Is cricket played on paper?

12/4/09 in Cricket   |   gwadineeraj   |   99 respect

"Is cricket played on paper?"

It is a commonly asked question to statistically obsessed cricket fans as to whether cricket is played on paper. Unfortunately, the sheer cliché status of such a question denotes the overuse of such a statement to rebuke carefully compiled and water tight statistical arguments – a sort of “I know you are but what am I” ad hominem slur.

After carefully working through the many filters of Cricinfo Statsguru, to show why Sachin Tendulkar is a far greater batsman to Ricky Ponting, a fan may feel confidently smug that they have proved the superiority of their favourite Indian masterblaster™ as a Test batsman* to Ricky Ponting. But then, alas, the Australian responds with a scathing attack on Tendulkar’s record in South Africa – the toughest batting conditions on the face of the planet. He is a mere flat track bully if he cannot amass an average greater than 39.76 (to two decimal places) in South Africa. And then it begins, the Indian fan will shut statsguru, roll up the sleeves and then note the unquantifiable (yep, it is a word) mental pressure that Tendulkar faces, the “weight of a nation” which weighs him down exponentially more than the 3lb blade which he wields so elegantly.

*Of course, we need not begin to argue Tendulkar’s superiority in ODIs; we need not waste the time.

Other than the word exponentially, all that can be documented on paper mathematically and scientifically has left the vicinity. We have established now that cricket is not being played on paper but rather is a complex psychological game – does such a game, free of thinned, pulped, whitened wood truly exist?

Indeed, I find two examples of the psychological game of cricket – stark opposites and hopefully the credibility, usefulness and significance of such examples can help us find an answer to the question which I’m sure you, and certainly I, would think far easier to pinpoint.

The first of my examples is Marcus Trescothick, does his mental illness detract from his legacy – is his lack of mental longevity, requirement to reconsider the length of a career in determining a player’s legacy? Indeed, a short career at Test level (whether cut short by injury or merely a career in its infancy) creates a mystique, a magnifying of a player’s quality as an untapped potential – a sort of ‘what more can be achieved...experience will only help this player’ and so on. Alas, such a phenomenon has struck (if I may use that word for an internet fan and commentator state of thought) many an Indian fast bowler who has debuted with poor to average statistics and people merely assume future improvement – the speed is there, the swing is there, surely the rest will fall into place. Few people consider the adrenaline rush, the mental thrill of playing for one’s country, a thrill which will no doubt fade as a bowler reached his 20th ODI inside their first year – thrill turns to tedium – pace turns to a gentle bit of nip, and the natural zip and swing seems to vanish as quickly as it came. Indeed, Michael Hussey is a fantastic example of such – with the basic technique to succeed at First Class cricket, superhuman concentration and application could take him to fantastic heights and many thought out that the world can be modelled by a normal distribution, there may be one at a height greater than the rest but two?! No, the mathematical model of humans would not allow it. The sheer reduction of cricketers to their statistical achievements glosses over the possibility that great amount of mental concentration and application are not always possible over a period greater than a few years. Indeed, for one for whom the game is down to the conscious strength of the mind rather than the unconscious reflexes of the body, great lows may follow, as has been the case in Michael Hussey.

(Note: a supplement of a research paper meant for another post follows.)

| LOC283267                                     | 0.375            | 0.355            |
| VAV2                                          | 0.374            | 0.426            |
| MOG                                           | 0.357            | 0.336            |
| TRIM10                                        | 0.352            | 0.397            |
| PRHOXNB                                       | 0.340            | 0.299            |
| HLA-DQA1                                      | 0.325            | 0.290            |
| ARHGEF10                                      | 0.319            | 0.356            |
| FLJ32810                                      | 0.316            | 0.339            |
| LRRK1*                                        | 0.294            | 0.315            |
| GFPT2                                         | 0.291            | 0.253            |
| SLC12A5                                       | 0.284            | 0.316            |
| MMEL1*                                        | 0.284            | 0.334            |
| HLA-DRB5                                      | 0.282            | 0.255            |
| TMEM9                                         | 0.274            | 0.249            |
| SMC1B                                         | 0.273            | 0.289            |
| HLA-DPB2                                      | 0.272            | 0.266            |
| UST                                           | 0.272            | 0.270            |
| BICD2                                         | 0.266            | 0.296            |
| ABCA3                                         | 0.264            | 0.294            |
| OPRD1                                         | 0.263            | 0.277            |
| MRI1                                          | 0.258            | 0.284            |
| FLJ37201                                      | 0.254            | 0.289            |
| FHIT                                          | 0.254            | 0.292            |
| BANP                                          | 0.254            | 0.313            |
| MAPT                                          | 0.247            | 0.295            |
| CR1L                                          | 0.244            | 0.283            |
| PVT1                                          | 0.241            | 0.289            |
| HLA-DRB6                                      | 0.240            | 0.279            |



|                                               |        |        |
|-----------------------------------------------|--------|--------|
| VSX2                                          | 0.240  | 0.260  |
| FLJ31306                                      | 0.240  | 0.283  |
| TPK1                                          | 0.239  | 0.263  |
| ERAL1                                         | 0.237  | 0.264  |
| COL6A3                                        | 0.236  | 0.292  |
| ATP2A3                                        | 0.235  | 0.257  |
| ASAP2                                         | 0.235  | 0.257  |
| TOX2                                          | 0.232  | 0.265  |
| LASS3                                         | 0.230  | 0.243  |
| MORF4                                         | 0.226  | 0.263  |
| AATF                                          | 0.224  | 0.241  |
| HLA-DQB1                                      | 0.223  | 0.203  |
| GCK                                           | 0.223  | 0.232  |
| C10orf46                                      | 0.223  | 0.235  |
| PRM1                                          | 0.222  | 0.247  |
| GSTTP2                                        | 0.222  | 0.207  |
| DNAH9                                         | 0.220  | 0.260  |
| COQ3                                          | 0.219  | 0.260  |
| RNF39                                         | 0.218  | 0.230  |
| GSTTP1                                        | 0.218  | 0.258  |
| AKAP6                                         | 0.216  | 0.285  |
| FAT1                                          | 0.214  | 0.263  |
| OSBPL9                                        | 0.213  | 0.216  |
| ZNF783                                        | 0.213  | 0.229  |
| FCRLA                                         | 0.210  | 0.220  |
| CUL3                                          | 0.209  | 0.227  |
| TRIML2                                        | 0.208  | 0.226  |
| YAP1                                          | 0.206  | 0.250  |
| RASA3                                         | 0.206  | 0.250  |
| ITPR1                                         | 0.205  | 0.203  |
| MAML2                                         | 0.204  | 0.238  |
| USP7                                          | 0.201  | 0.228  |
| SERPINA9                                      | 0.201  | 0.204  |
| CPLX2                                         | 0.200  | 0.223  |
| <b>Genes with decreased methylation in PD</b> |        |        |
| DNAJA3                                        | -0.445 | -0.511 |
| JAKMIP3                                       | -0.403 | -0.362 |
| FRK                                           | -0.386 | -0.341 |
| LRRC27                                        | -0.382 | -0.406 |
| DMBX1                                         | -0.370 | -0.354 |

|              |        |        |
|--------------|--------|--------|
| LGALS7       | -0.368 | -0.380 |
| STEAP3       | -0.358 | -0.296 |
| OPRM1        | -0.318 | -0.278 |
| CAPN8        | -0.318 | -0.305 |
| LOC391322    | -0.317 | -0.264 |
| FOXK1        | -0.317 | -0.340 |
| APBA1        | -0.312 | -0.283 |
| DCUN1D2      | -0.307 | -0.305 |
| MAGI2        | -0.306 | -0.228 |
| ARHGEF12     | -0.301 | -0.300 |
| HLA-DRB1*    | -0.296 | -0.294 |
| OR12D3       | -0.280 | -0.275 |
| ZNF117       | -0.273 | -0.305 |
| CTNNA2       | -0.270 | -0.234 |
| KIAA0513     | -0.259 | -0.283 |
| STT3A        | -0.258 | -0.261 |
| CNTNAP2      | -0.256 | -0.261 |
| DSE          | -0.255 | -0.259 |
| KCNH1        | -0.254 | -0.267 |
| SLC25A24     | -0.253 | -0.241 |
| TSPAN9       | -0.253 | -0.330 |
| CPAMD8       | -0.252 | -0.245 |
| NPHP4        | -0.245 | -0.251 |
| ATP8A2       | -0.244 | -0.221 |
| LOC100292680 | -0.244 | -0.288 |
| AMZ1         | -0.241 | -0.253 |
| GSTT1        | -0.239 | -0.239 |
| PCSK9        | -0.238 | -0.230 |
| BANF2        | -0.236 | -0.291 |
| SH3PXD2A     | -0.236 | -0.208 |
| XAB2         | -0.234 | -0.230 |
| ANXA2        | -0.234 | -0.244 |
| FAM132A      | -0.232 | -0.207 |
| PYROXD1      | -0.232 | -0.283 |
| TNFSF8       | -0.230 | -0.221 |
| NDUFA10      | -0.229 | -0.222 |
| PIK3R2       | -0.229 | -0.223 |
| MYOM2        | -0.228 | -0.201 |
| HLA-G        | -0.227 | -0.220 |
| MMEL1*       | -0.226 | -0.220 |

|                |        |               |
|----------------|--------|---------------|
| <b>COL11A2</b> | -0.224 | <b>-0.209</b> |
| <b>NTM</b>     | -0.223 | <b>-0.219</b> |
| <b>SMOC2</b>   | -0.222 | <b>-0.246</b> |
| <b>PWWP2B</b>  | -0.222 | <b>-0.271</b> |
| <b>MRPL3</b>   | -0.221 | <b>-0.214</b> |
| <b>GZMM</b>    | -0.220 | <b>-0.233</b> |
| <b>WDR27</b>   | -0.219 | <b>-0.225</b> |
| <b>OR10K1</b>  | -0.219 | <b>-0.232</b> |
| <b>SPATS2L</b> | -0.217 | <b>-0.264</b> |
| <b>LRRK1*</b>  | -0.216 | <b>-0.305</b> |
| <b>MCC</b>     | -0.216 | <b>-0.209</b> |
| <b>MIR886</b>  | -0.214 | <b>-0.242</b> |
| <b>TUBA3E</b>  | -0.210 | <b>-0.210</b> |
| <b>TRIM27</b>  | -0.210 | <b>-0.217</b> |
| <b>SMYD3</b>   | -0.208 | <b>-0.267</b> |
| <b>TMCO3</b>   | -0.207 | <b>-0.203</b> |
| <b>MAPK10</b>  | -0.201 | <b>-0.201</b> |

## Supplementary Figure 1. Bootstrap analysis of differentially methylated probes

Indeed, I wished to go on to talk about the way that Trinidad and Tobago’s national camaraderie, not present in the West Indian team, which is a mere collection of nations, has led the aforementioned to become far greater than the sum of its parts, but I fear I’m boring you already. To finish, I’d like to posit that although statistics may be useful and accurate in predicting and modelling the cricketing world, we must not do injustice to the mental and psychological game which can elevate performers just as it can take them down – the extent to which the game becomes more detached from the psychological and more attached to the physical is one where we will see a great deal of homogeneity, something detrimental to the unique game of cricket…

Navjot Singh Sidhu - “Statistics are like miniskirts, what they show is tantalising but what they hide is crucial”
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